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hello , its about john wesley , did he deny justification by faith alone?

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  • hello , its about john wesley , did he deny justification by faith alone?

    i know john believe that one can lose it salvation , and if so doesn't that say he doesn't believe in justification by faith alone and then wouldn't that also mean if the lord didn't discipline him for teaching this, doesn't that mean he was never a Christian ?

  • #2
    This may help

    http://www.umc.org/what-we-believe/d...d-always-saved
    Your life has shown you to your flock as a rule of faith, an image of gentleness, and a teacher of moderation. You acquired greatness through humility and wealth through poverty. [source: Troparion of St.Nicholas (Byzantine-Ruthenian usage)]

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    • #3
      courious joe"
      In our Wesleyan-Arminian theology, as in all mainstream Christian theology, salvation still isn't ours to possess. It is always and only God who saves. In that sense we cannot "lose" salvation. But we can "fall away" from it. Or to use another metaphor, we can move so far from the saving streams of God's love and power that we parch and spiritually die. The consistent focus of Wesley's teaching, however, is far less the warning about the possibility of such death and thus ultimately Hell (though he does not shrink from offering such warnings upon occasion, even as noted in the quote above), but rather upon the consistent, unfailing grace of the God revealed in Scripture and in the person of Jesus Christ, the God who is abounding in mercy and steadfast love." curious joe got this from the link .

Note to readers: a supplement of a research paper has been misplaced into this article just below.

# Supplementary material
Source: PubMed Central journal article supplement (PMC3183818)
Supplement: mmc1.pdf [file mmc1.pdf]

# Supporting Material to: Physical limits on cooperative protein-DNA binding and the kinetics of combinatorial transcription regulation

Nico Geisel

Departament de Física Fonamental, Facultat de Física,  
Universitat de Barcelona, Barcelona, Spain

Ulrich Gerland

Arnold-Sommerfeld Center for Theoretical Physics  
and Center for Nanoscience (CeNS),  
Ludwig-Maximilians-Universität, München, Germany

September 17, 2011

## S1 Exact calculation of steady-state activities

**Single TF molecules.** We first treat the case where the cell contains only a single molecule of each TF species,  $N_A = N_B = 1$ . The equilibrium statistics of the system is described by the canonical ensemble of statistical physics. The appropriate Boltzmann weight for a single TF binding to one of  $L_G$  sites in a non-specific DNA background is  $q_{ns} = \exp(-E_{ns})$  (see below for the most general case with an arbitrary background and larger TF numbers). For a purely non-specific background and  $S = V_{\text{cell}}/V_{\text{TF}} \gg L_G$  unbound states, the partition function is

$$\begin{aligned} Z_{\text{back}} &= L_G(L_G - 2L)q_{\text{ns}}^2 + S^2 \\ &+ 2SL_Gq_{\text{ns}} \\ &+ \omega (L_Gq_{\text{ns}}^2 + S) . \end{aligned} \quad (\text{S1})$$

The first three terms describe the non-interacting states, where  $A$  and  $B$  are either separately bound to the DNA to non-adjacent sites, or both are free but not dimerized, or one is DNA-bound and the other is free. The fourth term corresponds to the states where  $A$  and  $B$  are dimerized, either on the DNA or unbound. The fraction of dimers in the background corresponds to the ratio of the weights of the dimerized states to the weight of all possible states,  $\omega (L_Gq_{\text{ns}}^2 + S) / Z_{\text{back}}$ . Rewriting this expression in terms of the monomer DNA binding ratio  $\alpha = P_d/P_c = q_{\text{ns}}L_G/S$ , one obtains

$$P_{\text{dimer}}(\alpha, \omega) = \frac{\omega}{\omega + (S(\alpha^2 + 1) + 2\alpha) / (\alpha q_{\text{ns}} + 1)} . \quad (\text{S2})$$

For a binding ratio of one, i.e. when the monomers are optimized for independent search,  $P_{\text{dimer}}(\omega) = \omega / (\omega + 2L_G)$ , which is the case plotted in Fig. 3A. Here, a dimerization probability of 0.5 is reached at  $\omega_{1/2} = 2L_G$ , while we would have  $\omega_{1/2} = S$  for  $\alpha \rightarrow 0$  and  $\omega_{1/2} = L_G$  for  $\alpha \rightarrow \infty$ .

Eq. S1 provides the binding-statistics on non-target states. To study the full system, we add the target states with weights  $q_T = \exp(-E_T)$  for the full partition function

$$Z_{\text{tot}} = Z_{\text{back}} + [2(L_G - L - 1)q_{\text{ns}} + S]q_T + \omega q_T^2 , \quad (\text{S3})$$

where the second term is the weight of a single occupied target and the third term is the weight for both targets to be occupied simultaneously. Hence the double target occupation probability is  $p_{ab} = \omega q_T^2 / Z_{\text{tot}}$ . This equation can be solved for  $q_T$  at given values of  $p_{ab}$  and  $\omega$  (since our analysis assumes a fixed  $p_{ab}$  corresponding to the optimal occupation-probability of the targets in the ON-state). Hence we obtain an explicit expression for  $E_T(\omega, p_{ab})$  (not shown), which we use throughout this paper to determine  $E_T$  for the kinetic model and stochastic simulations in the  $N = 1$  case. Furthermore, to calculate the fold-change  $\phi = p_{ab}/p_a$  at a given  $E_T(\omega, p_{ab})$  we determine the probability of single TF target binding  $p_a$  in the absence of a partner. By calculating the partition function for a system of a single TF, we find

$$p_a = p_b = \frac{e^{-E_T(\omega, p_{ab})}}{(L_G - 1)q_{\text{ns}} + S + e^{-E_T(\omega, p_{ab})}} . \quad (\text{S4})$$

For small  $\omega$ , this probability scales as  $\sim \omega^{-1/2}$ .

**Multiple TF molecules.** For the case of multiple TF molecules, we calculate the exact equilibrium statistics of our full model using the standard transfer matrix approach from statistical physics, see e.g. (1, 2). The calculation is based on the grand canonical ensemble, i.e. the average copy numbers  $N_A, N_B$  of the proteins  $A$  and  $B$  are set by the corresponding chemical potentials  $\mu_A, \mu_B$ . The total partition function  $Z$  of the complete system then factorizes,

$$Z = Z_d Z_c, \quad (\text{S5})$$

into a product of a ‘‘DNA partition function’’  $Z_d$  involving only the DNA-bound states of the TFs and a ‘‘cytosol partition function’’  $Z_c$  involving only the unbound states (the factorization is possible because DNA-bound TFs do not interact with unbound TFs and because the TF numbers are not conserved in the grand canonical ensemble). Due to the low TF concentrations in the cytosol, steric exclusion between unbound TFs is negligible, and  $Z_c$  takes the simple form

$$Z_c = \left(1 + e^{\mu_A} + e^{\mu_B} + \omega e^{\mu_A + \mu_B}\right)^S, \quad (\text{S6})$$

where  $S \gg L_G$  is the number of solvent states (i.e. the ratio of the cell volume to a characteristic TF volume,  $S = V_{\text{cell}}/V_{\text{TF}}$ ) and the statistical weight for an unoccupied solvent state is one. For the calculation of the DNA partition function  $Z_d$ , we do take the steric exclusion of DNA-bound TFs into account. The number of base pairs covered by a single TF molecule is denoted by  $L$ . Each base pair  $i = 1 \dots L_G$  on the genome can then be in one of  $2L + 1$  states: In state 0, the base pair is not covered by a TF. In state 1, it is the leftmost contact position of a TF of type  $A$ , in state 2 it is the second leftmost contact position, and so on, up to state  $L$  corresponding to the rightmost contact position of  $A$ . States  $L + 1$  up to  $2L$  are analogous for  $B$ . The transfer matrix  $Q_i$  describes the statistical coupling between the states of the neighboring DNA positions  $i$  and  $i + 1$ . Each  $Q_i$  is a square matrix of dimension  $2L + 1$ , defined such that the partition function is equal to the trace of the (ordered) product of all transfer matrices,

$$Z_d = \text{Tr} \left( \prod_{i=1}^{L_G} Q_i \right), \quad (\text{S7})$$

what he says about john Wesley , concerning my question is answered by this , and quoting from that link .
      (though he does not shrink from offering such warnings upon occasion)



      so here is another question if a person can lose his salvation , how ?

      is it by not obeying the commands of Christ ?
      and if the answer is yes
      then are you teaching one has to maintain his justification by the works of the law ?
      that if you don't keep the commands by not lying and steal and so on, your going to lose your justification ?

      to maintain that justification by the works of the law , doesn't that mean your paying God back for your justification , because your doing something
      to keep it, and if you believe this , then your putting your self under the law , and doesn't being under the mean you have to maintain your justification by the law,